"Biting Back takes a compelling look at self-care, setting boundaries, and protecting ourselves from friends, loved ones, enemies, and sometimes even ourselves. Written in a page-turning and warm style, Claudia’s refreshing addition to the self-help shelves offers empowering solutions to effectively remind us to stop inviting troubleinto our homes and souls." -- MELODY BEATTIE, NEW YORK TIMES BESTSELLING AUTHOR OF CODEPENDENT NO MORE































Wednesday

The Vampire In You, The Vampire In Me


Dear PVS,

Is everyone either a vampire or not a vampire?


I really appreciate this question, since it allows me to distinguish one of the few differences between "actual" vampire slaying and "practical" vampire slaying that I'm aware of.

In both actual and practical vampire mythology there is often a "transition time" for vampires (i.e. when a vampire is feeding on a victim but the victim has not yet crossed over to vampire-hood themselves -- they are a bit of both) which can sometimes, I think, put us in a postition to wonder just what in the heck we're dealing with (and should, by the way, cause us to consider very carefully who we're extending our invitations to). So there's that aspect of your question to consider.

But I get the feeling that your question is really more about whether some individuals among us are objectively vampires, and others are objectively...om...not. And I'd have to say that my answer to that question is that, for practical purposes (which are our purposes) there are no "objective" vampires -- there are only those vampires that feed on us personally.

Are there horror-shows of human beings out there, born without conscience or soul? There could be...I'm not a psychologist or theologist and not here to argue the point (although I think there are) -- my interest as a practical vampire slayer is in the vampires I do have some say over in my life -- how I can make clear decisions about them, and how I can take effective actions to either evict them or make peace with them.

Your vampire may not be my vampire. I mean, I can't stand the sound of someone eating a banana in my vicinity -- it can just about ruin my day, you know? That may not be a vampire to you, but it sure is to me. Maybe your vampire shows up every time you're driving and the person ahead of you is driving"too slowly" and you can't pass them, or when your spouse walks through the door at night and fails to notice that you've made a gorgeous dinner...I mean, you've got yours, I've got mine. Nothing objective about them.

Then of course there is the aspect of the vampire within us all -- the one who is always hungering for more and more and more of what we refuse to acknowledge we've already been given (see Monday's post), or the one who tells us we're not rich enough, smart enough, handsome enough, or whatever enough to make it (ya loser!); or the one who criticizes, punishes, or minimizes the people we love (and who love us). These vampires fall into the "practical" camp, too.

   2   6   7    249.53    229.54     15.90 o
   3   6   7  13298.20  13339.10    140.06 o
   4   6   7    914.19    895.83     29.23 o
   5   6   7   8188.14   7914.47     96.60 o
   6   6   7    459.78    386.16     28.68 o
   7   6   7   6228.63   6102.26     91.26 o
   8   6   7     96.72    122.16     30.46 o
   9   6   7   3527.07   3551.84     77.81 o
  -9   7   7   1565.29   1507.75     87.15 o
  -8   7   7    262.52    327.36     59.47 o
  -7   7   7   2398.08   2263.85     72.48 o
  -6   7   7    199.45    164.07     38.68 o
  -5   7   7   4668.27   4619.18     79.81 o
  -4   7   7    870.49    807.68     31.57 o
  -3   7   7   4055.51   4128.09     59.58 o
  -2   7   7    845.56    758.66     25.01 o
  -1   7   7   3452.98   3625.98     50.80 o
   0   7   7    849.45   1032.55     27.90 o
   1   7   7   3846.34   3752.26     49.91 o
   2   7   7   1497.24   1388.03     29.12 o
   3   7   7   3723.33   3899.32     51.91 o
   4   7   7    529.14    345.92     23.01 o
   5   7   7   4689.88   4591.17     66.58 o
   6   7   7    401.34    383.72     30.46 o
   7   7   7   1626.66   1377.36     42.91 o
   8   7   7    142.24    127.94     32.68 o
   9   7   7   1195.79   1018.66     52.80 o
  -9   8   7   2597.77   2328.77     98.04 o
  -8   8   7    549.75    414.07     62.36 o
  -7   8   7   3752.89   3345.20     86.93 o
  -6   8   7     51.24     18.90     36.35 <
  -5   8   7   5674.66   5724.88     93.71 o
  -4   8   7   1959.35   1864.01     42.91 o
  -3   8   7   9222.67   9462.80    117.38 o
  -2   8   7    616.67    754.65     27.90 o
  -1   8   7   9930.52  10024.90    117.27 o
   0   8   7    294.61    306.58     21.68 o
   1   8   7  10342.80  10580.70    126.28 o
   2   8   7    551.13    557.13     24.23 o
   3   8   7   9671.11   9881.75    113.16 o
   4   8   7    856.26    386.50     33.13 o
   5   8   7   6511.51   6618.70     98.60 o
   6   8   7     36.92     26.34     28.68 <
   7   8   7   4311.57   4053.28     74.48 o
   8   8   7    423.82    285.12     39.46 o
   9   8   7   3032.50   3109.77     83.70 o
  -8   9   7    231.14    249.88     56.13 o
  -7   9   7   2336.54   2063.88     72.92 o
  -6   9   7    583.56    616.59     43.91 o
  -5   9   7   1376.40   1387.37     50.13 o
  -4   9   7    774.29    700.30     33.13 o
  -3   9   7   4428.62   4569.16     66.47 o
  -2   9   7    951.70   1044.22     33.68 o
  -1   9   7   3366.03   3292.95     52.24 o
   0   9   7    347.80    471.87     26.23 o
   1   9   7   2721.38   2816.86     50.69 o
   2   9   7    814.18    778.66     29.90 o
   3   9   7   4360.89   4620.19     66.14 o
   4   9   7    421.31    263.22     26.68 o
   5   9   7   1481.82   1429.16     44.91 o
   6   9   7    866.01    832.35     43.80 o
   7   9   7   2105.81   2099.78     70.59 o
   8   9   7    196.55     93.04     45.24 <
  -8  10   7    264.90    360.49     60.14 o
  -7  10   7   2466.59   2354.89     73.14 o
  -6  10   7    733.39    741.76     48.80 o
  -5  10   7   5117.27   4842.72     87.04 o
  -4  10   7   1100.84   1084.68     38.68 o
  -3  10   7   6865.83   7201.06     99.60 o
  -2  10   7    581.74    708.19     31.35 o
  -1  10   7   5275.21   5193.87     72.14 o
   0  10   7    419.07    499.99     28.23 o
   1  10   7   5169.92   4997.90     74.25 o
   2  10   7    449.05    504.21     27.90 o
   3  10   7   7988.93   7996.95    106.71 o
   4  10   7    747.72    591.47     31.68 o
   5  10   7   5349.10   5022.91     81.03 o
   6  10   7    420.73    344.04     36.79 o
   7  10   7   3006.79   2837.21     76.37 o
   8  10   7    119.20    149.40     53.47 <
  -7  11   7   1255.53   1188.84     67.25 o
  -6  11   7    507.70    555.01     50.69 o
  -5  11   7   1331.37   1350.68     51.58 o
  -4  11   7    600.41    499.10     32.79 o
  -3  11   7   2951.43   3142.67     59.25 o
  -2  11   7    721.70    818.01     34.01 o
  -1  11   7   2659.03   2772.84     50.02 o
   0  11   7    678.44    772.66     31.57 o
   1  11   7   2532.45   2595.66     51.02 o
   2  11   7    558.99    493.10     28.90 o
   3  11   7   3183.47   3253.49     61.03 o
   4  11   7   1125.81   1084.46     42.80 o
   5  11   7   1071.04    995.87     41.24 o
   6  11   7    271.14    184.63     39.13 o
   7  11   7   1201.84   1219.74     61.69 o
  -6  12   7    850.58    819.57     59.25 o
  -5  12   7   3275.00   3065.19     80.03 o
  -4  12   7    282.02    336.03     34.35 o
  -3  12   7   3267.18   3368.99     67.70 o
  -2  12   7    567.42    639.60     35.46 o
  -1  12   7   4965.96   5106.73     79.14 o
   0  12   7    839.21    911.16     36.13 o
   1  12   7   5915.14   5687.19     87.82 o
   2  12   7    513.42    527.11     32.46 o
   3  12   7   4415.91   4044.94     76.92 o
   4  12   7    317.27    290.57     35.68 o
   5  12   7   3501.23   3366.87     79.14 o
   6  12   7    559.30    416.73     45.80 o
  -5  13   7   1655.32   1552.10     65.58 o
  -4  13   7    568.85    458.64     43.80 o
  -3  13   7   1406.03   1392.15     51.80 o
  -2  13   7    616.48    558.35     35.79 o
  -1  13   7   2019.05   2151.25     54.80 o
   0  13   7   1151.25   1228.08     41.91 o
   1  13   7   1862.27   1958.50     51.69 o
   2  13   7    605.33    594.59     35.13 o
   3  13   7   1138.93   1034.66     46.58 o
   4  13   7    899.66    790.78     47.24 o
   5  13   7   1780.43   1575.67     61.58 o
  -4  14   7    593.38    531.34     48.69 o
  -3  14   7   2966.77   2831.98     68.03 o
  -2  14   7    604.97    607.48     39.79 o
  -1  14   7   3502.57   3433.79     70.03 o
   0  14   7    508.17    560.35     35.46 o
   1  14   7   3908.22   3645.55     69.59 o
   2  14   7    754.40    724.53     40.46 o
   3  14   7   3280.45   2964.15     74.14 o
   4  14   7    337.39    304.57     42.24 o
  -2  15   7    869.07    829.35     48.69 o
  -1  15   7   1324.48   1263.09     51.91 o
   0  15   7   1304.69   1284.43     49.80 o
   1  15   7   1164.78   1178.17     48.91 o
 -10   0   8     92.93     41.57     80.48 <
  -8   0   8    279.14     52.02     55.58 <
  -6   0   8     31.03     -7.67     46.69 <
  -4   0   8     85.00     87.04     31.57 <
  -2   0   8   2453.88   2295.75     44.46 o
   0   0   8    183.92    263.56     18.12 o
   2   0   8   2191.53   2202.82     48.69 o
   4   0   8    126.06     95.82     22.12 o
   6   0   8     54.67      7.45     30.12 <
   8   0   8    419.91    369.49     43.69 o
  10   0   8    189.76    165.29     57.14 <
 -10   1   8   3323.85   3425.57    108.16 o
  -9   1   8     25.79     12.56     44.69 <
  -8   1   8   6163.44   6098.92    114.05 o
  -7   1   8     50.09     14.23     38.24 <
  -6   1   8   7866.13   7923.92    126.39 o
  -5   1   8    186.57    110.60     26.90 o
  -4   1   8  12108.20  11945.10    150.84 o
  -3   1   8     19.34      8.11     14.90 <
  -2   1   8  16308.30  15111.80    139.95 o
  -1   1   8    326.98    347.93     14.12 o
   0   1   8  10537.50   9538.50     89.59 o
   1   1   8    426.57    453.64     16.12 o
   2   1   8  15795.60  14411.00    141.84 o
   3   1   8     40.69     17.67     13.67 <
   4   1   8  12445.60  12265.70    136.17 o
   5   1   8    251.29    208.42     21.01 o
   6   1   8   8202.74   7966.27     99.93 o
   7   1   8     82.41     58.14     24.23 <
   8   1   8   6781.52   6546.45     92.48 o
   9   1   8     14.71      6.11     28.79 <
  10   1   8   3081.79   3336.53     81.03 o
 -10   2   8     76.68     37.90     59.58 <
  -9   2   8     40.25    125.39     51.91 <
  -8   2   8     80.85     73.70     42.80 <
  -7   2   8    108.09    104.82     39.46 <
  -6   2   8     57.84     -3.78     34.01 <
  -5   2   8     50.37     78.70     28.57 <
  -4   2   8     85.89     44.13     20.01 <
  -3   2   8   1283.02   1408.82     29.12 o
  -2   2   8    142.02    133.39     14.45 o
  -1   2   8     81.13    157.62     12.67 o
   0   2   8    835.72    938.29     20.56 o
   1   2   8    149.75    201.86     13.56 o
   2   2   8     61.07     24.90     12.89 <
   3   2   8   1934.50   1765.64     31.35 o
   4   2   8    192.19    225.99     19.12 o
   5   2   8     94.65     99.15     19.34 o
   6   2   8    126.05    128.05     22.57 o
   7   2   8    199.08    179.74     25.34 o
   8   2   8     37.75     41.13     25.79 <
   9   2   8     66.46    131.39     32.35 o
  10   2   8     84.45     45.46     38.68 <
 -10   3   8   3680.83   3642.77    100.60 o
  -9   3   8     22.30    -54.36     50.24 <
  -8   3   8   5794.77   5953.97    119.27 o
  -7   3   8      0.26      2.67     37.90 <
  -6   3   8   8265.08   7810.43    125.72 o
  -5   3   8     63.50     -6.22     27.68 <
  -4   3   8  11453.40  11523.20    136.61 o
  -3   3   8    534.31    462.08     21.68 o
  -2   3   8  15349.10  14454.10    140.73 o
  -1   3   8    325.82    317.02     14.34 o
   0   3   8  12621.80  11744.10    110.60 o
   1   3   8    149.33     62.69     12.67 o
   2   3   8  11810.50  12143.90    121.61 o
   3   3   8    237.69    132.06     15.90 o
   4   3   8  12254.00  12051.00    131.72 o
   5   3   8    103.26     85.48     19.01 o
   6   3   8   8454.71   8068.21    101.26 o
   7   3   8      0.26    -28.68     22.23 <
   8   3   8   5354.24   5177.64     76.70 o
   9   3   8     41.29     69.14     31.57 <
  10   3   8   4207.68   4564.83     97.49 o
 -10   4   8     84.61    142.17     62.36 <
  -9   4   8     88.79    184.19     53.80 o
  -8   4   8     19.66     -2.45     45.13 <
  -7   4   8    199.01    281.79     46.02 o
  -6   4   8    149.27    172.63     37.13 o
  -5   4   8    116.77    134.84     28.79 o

Which makes them practically slayable, incidentally.

Does that answer your question?

6 comments:

Anonymous said...

Perhaps true, is there a moment in time when the slaying does not occur or is this an on going thought process, as in elimination of irritable thoughts towards others.
I was just wondering because I know there are people out there that are capable of harming me but I feel so strongly about good force & intentions that I tend to ignore the imposing " danger "
. Am I wrong to feel this way or am I just totally nieve?

PVS said...

When you say "ignoring the imposing danger," do you mean "deflecting?"

And does it work for you? Because if it does, that's great!

But if by "ignoring" you mean "denying," well, that's something else. Denial is dangerous; in fact, in the 1931 version of Dracula, Van Helsing tells us that, "The strength of the vampire is that people will not belive in him."

Words of wisdom, Vannie, words.of.wisdom.

Sherri said...

Maybe you already answered this, but how do you know if you are someone else's vampire? Is there a way to tell, if the potential host is too timid to say so?

And thanks for the eye candy (Angel in the bathtub).

PVS said...

He's cute, cute, CUTE, alright! Ahem.

Your question is so interesting that I'm going to have to post about it, Sherri. Thank you!!

jennifer said...

I love your emphasis on _practical_ vampire slaying. For a while, I had begun thinking my whole world was filled with vampires (a real nightmare) and that the task at hand was too big! But with your help, I realized I just needed to periodically check myself for bite marks, and fix those relationships, first.

PVS said...

Yes, I agree that it's certainly much more efficient (practical!) to check ourselves for wounds than to try and be on the lookout for vampires all the live-long day!